David Hernandez sells electricity – a product that everyone uses but few people understand. The CEO of Liberty Power created an electric power "brokerage firm" that has been able to provide low-cost energy at a time of increasing fuel prices. The result: Liberty reported revenue growth of 216 percent between 2002 and 2004, in line with a stellar business-building strategy that helped Mr. Hernandez win the 2005 Hispanic Business Magazine EOY Award.
"Our vision is to become the ultimate low-cost reliable power supplier," Mr. Hernandez says. "In the next two years, we want to reach revenues of $1 billion. In this industry that's not unusual – we compete with companies with $5 billion in revenues. So in order to compete, you need scale. That's why we're looking to grow fast."
Until the last decade, the electricity sector belonged exclusively to local utility monopolies. In the early 1990s, Congress opened transmission lines across state lines, allowing utilities to sell their excess capacity to each other. Then a 1998 law allowed states to deregulate the retail side of the business so independent companies like Liberty could sell power directly to businesses and consumers.
Liberty buys power from the same generators as the utility, then sends it over the local utility's wires (for a fee) to the final consumer. At this point the company operates in New York, Texas, and Maryland. But Mr. Hernandez says that currently 16 states have open competition, representing a total electricity market worth $170 billion.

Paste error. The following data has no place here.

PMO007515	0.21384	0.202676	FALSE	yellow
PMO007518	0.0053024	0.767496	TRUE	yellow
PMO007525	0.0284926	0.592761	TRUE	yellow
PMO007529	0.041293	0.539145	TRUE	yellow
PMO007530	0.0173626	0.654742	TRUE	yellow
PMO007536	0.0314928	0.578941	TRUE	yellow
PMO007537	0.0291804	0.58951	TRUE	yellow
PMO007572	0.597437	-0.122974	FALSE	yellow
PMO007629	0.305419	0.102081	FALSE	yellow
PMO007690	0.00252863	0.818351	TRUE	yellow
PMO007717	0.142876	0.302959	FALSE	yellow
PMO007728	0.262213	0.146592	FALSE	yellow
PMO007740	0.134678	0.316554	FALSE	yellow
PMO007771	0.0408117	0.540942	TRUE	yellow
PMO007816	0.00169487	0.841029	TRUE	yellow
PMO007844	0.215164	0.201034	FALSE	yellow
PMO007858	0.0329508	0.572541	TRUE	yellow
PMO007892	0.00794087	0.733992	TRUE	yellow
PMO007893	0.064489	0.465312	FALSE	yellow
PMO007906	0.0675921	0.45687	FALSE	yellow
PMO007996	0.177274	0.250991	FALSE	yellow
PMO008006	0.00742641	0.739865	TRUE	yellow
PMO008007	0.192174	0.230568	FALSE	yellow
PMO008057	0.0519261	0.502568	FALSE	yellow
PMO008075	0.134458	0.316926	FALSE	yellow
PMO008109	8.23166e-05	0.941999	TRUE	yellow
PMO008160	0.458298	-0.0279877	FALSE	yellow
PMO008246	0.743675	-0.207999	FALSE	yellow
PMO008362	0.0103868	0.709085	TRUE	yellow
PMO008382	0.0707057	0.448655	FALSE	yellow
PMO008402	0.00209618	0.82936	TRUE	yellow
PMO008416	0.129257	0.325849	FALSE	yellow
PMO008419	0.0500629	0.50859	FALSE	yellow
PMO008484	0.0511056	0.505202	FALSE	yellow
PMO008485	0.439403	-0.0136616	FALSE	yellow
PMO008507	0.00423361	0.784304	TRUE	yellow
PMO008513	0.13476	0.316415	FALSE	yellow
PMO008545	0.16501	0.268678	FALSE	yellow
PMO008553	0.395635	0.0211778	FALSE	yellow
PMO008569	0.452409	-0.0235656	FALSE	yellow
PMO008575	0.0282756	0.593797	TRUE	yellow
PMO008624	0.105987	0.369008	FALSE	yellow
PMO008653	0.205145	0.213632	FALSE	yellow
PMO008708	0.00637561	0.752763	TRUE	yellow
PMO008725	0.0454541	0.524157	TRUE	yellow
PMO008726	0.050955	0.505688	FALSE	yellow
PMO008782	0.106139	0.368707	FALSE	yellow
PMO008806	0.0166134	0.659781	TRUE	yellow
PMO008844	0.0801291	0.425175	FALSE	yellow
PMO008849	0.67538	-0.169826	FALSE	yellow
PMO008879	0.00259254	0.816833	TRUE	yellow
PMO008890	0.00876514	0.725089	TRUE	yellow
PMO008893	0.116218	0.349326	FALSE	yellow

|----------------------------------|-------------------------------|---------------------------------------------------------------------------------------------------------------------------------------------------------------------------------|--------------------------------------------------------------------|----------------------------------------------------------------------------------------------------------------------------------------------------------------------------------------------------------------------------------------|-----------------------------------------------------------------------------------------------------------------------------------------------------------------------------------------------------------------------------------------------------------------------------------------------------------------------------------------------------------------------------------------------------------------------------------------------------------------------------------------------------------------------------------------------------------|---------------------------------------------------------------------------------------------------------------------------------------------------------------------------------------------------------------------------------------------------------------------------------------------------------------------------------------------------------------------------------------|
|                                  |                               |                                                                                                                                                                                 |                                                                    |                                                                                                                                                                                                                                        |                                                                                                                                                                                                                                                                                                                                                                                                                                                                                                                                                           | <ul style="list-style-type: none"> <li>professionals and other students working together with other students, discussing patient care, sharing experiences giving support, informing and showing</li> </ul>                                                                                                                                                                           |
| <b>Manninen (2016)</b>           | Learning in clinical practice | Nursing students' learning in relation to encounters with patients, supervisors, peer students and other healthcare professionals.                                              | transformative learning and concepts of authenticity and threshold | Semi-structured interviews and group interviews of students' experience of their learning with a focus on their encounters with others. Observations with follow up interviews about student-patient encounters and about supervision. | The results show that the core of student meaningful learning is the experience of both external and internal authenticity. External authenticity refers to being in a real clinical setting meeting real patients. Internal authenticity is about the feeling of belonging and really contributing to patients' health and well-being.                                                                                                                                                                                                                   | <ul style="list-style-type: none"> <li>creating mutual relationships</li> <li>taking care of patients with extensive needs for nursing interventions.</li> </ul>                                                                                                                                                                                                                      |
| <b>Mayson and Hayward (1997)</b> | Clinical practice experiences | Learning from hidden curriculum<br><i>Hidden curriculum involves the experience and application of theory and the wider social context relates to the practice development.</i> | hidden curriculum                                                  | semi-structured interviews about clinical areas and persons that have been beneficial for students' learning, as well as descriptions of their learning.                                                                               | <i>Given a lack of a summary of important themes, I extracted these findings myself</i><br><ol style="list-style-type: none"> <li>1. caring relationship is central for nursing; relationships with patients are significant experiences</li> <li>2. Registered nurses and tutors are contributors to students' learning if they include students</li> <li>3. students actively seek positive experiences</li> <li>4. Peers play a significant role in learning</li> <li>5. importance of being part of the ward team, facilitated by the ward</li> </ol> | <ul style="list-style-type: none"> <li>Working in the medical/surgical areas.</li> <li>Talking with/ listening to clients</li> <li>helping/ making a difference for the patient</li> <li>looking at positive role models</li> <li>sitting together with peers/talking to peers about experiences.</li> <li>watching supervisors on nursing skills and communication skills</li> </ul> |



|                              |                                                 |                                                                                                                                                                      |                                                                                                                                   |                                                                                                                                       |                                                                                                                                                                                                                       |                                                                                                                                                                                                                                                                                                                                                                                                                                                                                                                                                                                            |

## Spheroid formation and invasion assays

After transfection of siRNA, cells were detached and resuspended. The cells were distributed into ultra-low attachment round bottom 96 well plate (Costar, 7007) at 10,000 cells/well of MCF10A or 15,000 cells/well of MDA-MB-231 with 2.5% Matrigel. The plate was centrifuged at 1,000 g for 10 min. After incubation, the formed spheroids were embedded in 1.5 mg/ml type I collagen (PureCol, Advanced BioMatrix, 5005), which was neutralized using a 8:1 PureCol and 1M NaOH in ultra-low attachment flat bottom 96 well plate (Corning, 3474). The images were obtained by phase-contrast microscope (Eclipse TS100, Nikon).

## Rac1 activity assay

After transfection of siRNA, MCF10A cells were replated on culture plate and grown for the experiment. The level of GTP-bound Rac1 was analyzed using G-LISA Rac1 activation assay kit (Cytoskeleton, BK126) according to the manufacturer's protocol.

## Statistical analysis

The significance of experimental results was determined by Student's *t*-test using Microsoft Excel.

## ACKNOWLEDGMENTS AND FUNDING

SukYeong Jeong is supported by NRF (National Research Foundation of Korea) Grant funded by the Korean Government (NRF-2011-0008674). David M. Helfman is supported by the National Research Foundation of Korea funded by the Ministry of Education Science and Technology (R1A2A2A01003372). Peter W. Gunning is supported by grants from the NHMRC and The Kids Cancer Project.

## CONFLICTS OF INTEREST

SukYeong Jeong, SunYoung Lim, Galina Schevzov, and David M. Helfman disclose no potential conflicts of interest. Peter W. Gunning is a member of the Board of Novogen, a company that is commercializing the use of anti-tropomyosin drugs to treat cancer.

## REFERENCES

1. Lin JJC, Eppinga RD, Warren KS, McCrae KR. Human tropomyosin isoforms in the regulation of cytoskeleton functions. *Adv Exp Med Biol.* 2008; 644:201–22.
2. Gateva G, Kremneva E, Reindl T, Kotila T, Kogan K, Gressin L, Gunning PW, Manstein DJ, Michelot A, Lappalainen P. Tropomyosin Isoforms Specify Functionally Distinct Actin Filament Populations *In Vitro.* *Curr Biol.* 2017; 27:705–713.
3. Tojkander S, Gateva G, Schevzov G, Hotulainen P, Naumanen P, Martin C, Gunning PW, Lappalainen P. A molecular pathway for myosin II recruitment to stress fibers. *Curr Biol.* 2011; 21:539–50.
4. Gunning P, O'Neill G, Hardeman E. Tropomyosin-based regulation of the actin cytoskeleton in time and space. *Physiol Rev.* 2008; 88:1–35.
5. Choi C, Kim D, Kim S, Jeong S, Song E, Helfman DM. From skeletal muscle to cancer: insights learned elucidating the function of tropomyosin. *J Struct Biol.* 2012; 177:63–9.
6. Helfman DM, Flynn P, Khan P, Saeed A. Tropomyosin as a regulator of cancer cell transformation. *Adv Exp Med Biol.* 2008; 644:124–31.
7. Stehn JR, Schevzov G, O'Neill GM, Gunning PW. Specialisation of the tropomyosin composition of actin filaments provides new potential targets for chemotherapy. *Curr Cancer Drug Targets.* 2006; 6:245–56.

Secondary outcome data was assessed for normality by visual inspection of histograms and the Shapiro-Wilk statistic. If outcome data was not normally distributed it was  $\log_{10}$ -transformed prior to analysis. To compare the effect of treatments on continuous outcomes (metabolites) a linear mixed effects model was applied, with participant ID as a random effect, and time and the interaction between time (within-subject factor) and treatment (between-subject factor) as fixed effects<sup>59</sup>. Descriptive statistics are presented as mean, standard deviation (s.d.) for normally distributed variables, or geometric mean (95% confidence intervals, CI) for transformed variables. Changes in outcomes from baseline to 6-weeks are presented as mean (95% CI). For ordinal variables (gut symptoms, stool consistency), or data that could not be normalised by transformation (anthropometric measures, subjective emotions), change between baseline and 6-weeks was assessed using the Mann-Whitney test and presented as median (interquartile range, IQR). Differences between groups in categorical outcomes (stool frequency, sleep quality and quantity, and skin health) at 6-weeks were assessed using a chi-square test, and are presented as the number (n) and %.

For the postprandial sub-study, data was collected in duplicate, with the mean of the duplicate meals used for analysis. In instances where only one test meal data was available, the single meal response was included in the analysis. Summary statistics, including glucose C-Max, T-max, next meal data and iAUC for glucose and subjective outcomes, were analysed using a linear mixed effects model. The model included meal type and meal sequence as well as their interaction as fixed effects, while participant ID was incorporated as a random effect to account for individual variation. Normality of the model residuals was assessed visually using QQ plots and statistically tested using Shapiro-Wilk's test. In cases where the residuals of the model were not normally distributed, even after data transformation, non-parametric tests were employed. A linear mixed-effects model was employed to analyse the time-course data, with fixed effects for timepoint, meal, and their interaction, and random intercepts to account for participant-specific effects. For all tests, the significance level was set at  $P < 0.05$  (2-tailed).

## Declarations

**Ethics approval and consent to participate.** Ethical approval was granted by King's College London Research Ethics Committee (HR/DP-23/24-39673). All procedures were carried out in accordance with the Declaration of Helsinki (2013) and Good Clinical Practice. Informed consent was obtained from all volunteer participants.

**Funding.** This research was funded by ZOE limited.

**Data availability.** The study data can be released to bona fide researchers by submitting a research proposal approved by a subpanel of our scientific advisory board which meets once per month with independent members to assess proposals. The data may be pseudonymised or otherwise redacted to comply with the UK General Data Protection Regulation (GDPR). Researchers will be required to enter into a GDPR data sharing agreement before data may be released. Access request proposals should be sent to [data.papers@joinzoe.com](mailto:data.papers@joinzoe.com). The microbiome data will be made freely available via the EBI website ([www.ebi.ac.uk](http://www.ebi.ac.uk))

Knowledge of Power-Trading is Power
While Liberty doesn't own electricity generating plants or transmission wires, the company has a competitive advantage in its knowledge of how to trade wholesale power. "It is highly complex, and they [Liberty] have a team with expertise in buying and selling power – in particular, a complicated knowledge of hedging," explains Federico Peña, former U.S. Secretary of Energy and now a director at Vestar Capital Partners in Denver.
"There are significant barriers to entry [in the industry], and most of them have to do with understanding the market," comments Mr. Hernandez, a former employee of Enron. "It's quite technical and complicated, but that's the value-added we bring to the table."
Liberty's brain trust consists of five professionals in its risk management department who write contracts, says COO Alberto Daire. From a marketing perspective, the company's competitive advantage rests in the ability to customize its product for small and medium-size enterprises, offering everything from month-to-month contracts to long-term commitments. "We have been able to tailor down products to smaller customers," says Mr. Daire, "giving the smaller customers something similar to a [large] national account. If the smaller customer goes to a large utility, they won't get that product."
The EOY judges also gave high marks to Liberty's flexible problem-solving. In the EOY application, Mr. Hernandez explained how a customer who experienced a 200 percent jump in electricity costs wanted to lower energy costs but also utilize green power. As a solution, Liberty extended the term of the contract to lower the immediate cost, and promised to supply green power when the price fell below a certain threshold. "I was impressed with the way they were innovative," says William Crookston, professor of entrepreneurship at the University of Southern California's Marshall School of Business and one of the EOY judges. "It makes good sense in a fluctuating market."
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